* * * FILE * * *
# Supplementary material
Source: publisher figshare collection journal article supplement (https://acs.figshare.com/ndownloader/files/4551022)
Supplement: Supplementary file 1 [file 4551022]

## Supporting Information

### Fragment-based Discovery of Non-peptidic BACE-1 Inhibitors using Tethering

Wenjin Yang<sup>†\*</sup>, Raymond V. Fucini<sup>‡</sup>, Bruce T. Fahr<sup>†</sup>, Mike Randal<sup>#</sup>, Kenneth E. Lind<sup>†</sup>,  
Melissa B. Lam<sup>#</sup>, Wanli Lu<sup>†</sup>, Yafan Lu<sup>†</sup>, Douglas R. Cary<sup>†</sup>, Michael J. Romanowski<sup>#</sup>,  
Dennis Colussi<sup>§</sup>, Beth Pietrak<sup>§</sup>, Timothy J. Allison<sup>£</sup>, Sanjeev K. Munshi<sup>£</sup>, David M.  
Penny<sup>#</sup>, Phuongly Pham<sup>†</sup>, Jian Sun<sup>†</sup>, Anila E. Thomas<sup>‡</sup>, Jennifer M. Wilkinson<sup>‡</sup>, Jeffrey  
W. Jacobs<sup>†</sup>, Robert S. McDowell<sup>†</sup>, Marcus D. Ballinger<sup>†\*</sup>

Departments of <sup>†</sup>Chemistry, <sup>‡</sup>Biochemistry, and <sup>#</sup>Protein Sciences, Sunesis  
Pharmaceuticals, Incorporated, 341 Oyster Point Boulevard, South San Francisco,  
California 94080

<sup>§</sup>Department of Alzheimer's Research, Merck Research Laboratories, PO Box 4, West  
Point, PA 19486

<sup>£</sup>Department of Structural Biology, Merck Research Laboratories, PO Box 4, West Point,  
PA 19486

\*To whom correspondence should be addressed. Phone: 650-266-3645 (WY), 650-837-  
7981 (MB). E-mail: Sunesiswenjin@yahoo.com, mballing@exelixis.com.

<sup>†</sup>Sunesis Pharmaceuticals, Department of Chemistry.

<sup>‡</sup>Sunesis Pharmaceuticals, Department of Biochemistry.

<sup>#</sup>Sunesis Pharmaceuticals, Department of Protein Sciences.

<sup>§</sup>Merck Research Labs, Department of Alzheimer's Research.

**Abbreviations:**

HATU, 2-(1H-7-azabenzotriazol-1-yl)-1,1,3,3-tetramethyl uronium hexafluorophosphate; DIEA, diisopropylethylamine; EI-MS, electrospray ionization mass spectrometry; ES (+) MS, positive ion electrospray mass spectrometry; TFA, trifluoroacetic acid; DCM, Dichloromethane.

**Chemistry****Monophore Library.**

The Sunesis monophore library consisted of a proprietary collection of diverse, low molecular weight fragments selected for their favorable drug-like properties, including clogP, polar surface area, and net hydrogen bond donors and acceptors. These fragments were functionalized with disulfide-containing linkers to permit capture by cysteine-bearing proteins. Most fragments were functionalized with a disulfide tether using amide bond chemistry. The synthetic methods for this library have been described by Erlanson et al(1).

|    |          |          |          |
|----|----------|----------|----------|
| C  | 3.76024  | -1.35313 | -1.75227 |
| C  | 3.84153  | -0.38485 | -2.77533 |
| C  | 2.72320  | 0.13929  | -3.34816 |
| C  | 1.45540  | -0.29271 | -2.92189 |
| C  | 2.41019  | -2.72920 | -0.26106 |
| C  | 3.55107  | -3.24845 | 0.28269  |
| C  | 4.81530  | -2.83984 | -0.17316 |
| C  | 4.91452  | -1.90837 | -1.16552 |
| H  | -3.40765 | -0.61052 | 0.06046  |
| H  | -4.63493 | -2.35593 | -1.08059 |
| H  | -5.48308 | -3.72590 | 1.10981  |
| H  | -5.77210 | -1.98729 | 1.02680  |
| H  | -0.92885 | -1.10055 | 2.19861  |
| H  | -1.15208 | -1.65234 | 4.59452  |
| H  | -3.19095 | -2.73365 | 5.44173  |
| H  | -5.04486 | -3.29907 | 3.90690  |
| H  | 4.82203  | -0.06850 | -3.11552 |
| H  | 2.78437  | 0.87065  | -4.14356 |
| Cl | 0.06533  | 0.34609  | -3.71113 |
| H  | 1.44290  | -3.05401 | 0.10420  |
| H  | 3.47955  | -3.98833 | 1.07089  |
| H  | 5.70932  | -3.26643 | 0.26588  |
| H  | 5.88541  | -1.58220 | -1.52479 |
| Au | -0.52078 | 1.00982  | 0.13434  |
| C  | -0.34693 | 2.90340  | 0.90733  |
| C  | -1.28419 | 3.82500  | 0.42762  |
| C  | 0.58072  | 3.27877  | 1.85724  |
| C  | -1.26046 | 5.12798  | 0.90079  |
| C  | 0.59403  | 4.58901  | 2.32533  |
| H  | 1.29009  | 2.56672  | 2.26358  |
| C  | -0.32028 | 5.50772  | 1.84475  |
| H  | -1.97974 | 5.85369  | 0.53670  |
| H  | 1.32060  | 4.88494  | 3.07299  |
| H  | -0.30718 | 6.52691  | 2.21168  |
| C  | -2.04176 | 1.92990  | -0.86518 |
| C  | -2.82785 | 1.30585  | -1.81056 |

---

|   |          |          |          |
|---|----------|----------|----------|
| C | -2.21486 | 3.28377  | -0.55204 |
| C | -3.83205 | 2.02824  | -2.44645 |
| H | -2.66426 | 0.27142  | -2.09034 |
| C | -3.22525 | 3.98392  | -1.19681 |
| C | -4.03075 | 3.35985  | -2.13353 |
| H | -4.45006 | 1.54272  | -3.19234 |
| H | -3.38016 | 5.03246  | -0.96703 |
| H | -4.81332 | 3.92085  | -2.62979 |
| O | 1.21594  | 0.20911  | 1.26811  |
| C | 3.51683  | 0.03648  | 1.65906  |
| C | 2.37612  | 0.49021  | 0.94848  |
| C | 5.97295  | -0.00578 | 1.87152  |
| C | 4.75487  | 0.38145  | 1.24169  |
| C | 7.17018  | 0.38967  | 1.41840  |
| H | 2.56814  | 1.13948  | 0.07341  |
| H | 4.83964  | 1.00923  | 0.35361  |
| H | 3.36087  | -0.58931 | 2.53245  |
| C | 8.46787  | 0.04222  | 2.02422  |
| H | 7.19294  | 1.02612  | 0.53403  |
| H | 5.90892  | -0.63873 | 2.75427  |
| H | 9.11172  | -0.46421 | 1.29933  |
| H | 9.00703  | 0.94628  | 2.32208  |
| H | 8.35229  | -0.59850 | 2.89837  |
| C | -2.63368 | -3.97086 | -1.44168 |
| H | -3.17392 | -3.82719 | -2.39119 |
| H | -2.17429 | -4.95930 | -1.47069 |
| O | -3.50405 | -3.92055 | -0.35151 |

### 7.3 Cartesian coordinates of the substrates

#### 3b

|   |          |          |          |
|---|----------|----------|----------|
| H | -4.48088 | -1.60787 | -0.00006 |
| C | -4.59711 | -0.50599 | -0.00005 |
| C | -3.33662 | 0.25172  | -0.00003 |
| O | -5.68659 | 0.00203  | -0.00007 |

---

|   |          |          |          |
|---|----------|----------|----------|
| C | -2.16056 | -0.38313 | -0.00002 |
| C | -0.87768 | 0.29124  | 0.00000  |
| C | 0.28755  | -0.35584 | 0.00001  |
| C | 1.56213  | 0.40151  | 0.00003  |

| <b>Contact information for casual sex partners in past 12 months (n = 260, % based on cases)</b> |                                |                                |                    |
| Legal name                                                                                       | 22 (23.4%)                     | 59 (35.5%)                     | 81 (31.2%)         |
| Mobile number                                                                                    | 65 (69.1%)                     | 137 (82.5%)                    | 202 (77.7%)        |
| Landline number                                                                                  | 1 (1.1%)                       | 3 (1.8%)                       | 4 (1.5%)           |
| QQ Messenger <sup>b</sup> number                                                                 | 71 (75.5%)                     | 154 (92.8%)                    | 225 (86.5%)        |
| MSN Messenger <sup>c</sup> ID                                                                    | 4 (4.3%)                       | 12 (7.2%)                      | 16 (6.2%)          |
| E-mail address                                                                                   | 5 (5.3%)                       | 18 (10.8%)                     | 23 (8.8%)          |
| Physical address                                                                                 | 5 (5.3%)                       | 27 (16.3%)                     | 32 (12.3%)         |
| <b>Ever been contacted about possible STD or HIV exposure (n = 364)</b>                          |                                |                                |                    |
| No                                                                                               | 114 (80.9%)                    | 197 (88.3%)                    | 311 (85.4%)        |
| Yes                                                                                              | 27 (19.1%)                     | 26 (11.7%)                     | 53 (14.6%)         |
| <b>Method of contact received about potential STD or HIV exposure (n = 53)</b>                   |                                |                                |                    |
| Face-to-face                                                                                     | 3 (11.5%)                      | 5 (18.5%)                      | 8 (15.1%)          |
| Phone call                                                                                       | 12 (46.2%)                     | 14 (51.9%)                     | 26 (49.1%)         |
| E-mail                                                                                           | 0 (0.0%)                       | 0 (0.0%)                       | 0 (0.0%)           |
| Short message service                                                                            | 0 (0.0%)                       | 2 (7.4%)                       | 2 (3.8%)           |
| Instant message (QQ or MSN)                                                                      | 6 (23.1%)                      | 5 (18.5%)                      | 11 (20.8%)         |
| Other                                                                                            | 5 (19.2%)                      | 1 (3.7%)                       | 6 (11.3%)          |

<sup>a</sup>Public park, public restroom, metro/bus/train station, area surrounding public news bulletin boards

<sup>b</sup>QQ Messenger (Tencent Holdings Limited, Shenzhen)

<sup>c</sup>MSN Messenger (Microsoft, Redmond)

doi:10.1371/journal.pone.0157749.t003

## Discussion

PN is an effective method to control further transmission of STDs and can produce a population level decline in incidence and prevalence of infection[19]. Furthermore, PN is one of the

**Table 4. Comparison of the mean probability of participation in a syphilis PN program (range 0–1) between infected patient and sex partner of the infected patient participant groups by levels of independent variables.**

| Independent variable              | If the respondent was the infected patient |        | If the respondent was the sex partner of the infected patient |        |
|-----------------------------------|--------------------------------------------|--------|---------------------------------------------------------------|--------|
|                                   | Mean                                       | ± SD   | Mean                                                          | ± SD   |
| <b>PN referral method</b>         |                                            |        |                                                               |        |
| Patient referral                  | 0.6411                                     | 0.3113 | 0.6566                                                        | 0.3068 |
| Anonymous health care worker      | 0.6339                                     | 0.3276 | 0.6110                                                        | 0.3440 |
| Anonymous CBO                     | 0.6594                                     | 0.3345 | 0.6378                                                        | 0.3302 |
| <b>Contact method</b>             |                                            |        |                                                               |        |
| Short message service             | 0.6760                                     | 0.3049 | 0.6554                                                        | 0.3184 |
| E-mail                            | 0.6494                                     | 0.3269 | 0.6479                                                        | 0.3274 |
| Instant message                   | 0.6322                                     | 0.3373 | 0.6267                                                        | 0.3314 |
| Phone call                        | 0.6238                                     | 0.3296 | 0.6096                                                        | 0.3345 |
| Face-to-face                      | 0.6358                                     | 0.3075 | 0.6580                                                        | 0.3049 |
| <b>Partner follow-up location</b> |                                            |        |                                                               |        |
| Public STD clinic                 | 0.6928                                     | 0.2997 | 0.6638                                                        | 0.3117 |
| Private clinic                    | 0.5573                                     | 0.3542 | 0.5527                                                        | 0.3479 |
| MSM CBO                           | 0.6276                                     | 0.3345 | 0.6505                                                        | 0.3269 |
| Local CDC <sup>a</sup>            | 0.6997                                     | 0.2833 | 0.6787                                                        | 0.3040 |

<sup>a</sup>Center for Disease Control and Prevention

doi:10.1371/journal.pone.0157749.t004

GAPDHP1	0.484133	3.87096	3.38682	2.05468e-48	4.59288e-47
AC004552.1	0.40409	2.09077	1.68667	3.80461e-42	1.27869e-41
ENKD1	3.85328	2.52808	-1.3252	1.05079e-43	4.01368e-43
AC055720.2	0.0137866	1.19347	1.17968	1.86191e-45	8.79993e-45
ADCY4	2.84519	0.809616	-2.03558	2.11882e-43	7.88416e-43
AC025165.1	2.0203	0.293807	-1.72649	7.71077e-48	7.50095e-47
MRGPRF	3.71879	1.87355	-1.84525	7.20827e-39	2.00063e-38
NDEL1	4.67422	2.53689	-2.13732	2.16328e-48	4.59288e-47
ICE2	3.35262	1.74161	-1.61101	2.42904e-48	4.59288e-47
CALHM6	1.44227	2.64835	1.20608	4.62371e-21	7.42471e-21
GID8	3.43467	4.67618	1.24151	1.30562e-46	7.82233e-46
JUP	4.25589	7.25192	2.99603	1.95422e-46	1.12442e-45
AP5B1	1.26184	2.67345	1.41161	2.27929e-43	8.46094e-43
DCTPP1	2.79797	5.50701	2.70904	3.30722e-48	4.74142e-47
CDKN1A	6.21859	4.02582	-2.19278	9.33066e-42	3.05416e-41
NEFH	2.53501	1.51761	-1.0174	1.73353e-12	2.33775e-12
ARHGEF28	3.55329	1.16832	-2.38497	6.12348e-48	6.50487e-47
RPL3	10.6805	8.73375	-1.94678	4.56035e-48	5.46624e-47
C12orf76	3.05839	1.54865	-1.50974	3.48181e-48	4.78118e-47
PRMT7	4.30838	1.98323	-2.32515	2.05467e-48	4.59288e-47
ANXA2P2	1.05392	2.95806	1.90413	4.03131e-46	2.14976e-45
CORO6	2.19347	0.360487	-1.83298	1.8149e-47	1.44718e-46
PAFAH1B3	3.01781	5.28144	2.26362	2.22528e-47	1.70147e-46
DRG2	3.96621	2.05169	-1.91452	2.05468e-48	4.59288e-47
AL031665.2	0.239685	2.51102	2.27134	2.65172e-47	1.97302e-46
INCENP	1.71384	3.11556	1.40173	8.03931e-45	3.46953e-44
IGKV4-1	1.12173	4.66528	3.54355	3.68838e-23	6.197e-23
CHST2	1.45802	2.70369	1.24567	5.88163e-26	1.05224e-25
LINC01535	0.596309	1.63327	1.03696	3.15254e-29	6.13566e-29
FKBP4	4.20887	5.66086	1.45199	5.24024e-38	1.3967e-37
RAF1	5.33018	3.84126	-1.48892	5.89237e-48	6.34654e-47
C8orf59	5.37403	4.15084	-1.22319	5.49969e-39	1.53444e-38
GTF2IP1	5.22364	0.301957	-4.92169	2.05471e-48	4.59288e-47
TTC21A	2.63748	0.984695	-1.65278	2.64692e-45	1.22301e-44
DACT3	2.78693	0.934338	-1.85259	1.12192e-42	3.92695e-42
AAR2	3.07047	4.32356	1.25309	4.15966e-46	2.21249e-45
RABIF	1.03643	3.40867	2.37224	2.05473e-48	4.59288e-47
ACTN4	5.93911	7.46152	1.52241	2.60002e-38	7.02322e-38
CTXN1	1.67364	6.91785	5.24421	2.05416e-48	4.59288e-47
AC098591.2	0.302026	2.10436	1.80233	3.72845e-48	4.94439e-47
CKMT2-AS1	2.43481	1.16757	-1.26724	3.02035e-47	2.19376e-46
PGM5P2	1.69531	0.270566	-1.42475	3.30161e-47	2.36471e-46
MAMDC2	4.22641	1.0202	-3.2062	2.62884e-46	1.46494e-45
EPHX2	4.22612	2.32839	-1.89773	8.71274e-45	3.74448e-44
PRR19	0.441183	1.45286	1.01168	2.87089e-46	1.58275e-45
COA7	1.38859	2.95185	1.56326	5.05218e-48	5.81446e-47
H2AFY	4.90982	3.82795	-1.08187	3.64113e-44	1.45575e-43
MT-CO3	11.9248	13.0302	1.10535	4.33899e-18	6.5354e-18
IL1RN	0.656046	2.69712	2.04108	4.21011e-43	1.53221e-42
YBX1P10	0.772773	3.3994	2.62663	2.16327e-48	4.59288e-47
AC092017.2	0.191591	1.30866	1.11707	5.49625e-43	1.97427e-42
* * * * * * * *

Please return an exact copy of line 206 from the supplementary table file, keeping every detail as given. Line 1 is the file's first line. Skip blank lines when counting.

AC092017.2	0.191591	1.30866	1.11707	5.49625e-43	1.97427e-42